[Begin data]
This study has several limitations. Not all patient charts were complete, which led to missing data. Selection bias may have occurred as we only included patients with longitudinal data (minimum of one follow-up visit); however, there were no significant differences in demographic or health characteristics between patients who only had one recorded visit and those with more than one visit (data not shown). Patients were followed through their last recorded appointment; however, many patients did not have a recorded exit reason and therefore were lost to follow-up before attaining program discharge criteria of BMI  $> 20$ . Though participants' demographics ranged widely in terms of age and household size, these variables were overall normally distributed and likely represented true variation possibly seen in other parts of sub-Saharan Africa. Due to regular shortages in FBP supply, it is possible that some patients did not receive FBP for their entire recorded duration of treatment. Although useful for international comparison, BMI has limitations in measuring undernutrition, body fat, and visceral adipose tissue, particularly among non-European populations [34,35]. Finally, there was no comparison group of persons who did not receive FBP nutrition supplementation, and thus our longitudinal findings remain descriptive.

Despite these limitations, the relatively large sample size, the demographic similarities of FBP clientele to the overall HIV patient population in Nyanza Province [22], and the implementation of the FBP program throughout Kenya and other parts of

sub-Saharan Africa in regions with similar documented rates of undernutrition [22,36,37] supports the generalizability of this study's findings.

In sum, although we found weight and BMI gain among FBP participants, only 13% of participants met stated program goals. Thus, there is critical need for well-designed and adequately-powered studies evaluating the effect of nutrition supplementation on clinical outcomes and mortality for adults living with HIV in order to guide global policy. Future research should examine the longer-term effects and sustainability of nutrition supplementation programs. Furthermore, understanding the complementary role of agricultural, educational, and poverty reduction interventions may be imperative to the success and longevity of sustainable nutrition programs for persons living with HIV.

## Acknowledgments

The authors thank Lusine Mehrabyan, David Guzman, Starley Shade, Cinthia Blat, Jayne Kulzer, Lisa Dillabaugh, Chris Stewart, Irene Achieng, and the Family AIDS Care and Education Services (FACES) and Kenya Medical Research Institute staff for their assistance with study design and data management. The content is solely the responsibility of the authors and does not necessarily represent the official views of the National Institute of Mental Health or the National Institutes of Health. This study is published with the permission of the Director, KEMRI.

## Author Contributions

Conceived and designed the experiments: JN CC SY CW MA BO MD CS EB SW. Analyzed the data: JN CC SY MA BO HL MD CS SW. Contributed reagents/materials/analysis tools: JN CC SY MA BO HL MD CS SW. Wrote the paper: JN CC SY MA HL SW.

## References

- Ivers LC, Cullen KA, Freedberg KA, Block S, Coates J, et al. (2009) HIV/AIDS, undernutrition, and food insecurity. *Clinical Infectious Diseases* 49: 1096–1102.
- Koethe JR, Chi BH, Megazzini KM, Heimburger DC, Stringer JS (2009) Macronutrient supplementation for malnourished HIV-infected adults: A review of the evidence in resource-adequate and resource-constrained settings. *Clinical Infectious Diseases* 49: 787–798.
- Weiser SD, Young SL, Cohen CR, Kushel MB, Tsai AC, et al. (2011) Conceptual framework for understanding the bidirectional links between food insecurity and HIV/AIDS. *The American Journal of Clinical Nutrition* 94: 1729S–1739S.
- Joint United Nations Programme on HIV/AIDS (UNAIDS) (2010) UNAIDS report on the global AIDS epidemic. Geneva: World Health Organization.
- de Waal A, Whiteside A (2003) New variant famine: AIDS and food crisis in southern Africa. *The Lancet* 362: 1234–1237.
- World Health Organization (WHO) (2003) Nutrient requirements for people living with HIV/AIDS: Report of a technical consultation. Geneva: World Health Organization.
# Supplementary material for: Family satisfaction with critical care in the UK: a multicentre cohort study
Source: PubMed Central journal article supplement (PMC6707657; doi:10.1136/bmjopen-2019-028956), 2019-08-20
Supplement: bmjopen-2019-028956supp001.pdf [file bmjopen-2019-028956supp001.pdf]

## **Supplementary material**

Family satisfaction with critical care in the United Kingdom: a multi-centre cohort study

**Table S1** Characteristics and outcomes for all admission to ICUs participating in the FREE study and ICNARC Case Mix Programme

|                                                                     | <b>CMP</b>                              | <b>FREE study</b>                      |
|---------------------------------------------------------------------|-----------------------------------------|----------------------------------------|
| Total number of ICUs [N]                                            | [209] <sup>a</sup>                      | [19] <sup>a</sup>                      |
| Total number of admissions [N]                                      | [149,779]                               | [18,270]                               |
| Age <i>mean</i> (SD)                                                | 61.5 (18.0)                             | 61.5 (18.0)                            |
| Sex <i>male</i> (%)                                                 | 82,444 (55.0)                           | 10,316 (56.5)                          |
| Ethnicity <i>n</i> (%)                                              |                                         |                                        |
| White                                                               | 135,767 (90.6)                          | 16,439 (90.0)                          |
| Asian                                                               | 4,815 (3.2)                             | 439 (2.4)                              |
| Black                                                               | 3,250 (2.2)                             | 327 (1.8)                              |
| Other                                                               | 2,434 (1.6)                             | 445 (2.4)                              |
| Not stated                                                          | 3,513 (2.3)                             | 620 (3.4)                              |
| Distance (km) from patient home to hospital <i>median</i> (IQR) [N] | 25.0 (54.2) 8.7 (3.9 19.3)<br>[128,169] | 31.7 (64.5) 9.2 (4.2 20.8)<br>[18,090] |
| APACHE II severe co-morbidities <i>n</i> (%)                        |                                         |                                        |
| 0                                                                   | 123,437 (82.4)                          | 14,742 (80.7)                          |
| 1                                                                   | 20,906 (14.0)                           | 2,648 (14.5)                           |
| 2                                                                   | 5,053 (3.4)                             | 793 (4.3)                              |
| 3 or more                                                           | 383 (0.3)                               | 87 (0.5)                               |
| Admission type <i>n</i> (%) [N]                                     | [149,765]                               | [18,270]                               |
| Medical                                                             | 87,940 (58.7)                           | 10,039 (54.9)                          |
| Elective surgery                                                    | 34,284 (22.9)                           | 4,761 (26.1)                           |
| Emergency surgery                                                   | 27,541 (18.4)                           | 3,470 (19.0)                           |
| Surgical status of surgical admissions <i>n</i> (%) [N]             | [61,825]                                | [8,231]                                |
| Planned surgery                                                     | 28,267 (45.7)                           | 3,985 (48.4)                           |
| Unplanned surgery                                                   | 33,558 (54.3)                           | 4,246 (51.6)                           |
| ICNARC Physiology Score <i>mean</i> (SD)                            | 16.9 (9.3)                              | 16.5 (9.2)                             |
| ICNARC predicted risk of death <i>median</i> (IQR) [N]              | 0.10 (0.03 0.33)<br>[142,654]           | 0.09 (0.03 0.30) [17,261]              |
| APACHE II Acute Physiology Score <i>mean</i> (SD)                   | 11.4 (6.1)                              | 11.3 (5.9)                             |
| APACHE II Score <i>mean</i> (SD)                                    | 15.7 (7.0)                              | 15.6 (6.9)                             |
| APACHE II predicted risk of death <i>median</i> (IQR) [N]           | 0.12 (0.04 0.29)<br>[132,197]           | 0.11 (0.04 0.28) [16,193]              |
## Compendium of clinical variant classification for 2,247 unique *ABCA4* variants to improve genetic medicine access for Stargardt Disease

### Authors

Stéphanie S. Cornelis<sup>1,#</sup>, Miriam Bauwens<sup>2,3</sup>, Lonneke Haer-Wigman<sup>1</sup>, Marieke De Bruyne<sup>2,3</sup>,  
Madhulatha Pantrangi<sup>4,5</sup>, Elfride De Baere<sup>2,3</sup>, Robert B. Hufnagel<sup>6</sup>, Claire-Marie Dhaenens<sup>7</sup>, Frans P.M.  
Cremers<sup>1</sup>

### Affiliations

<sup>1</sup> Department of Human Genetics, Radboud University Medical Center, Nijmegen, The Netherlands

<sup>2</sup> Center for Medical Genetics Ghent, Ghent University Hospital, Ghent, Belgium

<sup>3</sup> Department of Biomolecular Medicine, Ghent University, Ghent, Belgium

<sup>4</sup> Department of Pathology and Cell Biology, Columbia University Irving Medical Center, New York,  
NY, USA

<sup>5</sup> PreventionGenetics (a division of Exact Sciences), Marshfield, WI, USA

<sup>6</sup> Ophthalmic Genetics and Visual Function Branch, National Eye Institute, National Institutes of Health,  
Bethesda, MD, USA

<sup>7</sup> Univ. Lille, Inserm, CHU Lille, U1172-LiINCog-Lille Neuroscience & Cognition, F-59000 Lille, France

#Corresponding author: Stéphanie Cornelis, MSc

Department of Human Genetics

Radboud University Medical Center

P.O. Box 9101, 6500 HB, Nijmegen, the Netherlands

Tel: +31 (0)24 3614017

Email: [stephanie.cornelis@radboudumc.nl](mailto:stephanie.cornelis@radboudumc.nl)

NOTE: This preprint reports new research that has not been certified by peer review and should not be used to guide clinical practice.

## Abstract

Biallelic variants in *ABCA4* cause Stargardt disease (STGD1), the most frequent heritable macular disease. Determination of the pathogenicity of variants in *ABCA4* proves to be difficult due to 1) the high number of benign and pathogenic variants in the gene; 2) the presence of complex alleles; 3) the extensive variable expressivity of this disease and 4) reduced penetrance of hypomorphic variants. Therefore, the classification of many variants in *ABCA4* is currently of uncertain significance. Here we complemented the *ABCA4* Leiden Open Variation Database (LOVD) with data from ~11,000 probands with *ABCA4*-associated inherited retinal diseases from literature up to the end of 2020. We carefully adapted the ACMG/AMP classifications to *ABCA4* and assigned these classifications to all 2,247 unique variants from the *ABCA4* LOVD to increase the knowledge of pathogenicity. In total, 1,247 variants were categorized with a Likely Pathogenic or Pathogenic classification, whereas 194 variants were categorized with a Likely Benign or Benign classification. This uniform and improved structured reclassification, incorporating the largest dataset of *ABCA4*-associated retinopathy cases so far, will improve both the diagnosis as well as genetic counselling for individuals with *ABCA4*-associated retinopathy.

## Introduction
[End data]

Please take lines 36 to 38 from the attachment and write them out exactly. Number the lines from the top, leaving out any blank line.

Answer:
| 0                                                                   | 123,437 (82.4)                          | 14,742 (80.7)                          |
| 1                                                                   | 20,906 (14.0)                           | 2,648 (14.5)                           |
| 2                                                                   | 5,053 (3.4)                             | 793 (4.3)                              |